Word of Mouth Works. Duh.

For Chapter 4: "Talk is Cheap"

By Published on .

Not that this is a particularly controversial subject. Everybody knows the power of word of moth. Hollywood certainly does.

The studios and distributors spend $1 billion a year in the U.S. advertising new releases. But they spend virtually nothing after a film's first weekend – because by then they know the matter is out of their hands. If a movie is good, box office will be big. If a movie is bad, box office will be small.

And, either way, it is the verdict of those opening-weekend patrons that will prevail. Clever trailers and heavily redacted film-review excerpts ("It's mindblowing to imagine this trash ever saw the light of day" becomes "Mindblowing!") may lure people to see an unknown quantity, but ads are useless to influence – much less overcome – negative buzz.

Because movie goers are columns of ants, hurrying back to the nest to exclaim, "Dude, that sucked!" Just ask the producers of Waterworld, Heaven's Gate, Ishtar and Gigli. On the other hand, the producers of My Big Fat Greek Wedding, The Blair Witch Project and Little Miss Sunshine can be most grateful for the same phenomenon. Animal instincts have done them proud.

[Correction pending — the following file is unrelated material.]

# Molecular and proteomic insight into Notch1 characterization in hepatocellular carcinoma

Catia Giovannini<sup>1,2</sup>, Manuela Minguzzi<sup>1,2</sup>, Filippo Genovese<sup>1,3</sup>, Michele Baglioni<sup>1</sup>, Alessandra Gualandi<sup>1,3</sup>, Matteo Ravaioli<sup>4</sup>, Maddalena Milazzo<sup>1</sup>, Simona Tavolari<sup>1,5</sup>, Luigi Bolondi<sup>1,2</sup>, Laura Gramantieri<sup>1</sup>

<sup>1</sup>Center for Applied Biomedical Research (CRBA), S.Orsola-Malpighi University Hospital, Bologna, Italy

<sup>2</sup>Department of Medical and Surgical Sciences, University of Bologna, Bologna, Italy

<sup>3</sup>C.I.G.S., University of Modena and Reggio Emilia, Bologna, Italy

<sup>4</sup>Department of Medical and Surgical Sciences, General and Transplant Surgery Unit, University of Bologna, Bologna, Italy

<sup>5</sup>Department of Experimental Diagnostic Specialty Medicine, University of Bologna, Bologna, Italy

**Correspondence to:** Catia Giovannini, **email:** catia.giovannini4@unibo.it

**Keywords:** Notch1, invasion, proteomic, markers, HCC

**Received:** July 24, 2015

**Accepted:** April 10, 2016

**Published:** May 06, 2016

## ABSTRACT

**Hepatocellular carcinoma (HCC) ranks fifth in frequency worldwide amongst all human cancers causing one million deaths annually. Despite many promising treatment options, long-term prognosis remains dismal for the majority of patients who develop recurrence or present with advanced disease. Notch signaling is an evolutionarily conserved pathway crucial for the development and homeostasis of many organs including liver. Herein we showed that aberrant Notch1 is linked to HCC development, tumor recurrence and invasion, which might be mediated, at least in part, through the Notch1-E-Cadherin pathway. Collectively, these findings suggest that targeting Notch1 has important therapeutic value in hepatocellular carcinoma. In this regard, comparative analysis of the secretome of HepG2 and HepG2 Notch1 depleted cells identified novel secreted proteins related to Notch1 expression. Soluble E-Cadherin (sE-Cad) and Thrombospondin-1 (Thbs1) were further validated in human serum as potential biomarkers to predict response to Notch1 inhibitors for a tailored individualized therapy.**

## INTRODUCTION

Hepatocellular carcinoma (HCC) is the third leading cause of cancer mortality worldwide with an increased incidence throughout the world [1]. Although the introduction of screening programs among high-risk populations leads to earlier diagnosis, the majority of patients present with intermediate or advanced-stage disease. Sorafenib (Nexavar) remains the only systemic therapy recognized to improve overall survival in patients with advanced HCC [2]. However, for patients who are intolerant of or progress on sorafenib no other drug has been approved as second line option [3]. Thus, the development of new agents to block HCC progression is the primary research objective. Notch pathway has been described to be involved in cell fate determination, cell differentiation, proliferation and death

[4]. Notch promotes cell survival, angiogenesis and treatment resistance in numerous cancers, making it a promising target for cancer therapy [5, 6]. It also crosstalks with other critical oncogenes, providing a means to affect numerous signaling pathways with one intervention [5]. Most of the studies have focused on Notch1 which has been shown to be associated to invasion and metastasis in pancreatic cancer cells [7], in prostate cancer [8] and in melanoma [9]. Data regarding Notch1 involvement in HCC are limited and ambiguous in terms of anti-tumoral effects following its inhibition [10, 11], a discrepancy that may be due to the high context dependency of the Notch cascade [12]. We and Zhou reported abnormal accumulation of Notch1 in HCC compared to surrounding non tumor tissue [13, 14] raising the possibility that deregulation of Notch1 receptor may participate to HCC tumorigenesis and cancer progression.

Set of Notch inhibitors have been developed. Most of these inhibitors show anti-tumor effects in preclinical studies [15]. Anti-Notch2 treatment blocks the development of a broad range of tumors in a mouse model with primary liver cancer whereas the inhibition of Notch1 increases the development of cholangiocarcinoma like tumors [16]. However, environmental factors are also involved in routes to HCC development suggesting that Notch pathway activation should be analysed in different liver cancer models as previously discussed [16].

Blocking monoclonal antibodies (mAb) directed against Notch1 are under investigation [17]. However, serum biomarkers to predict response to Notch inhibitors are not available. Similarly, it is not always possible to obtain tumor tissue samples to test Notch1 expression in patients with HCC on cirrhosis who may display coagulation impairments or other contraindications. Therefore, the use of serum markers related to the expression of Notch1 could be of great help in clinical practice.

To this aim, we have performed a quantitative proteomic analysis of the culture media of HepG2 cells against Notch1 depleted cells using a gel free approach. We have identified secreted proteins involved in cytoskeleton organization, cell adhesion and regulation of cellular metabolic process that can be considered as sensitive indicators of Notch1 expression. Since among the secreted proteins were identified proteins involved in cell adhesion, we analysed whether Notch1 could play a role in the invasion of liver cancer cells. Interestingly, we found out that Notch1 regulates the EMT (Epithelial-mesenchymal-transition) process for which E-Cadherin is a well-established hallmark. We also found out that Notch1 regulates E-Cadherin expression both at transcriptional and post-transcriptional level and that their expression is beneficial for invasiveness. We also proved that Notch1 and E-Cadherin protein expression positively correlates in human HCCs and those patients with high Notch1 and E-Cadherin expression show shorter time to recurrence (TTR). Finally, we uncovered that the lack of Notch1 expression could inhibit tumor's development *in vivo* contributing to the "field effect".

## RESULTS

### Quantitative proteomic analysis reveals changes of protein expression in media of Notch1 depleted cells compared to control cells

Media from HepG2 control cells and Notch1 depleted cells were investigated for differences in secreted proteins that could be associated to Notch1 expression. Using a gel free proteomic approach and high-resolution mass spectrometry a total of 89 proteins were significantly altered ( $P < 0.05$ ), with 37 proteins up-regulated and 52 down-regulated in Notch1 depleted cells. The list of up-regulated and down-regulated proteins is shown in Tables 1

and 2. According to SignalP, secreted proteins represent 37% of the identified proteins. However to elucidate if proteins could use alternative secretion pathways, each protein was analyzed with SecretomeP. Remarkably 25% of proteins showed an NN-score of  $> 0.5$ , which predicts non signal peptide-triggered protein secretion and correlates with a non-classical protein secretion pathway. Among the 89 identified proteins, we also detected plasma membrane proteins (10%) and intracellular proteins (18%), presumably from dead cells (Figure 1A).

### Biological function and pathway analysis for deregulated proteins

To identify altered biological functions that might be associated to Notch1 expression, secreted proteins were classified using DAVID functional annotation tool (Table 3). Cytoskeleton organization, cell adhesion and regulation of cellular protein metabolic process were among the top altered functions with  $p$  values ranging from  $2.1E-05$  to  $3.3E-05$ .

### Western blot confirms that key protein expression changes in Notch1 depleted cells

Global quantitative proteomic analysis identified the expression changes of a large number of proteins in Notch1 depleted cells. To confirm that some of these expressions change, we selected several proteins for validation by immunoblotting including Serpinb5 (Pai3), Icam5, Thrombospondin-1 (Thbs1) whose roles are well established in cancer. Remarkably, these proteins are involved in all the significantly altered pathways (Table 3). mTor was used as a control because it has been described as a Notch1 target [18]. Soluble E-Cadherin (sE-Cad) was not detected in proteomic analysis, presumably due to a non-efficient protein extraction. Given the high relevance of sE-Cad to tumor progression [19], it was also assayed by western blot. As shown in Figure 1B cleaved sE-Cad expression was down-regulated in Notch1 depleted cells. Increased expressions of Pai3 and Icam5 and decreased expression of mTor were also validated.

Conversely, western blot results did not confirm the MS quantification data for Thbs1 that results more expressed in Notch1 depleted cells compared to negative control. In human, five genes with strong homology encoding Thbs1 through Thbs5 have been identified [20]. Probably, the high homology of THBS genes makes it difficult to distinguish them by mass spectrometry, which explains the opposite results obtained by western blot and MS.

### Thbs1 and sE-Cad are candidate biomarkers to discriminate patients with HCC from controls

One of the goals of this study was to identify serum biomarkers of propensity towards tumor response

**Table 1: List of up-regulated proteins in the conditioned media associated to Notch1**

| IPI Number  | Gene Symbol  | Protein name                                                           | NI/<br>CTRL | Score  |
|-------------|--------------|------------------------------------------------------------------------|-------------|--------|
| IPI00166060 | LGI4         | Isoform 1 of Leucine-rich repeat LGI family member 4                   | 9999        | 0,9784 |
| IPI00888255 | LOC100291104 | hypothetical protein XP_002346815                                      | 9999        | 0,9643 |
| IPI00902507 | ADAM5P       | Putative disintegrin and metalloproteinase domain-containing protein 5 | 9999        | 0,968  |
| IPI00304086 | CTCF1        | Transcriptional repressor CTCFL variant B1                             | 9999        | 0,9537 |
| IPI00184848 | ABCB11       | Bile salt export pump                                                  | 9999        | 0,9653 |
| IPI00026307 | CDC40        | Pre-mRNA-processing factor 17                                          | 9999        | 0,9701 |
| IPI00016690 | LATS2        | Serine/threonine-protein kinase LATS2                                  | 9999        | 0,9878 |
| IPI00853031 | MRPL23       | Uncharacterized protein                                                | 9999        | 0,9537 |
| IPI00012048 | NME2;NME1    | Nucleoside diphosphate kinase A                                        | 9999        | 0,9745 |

Beyond Hollywood, there are, of course, many other fabled examples of word of mouth yielding enormous results: Cabbage Patch Kids. The spiritual self-help guide titled "The Purpose Driven Life," Avon's Skin-So-Soft as mosquito repellant – remarkable commercial successes all, with little or no advertising behind them. Or, for a better example still, think about the tire story.

It's coming in the next post.
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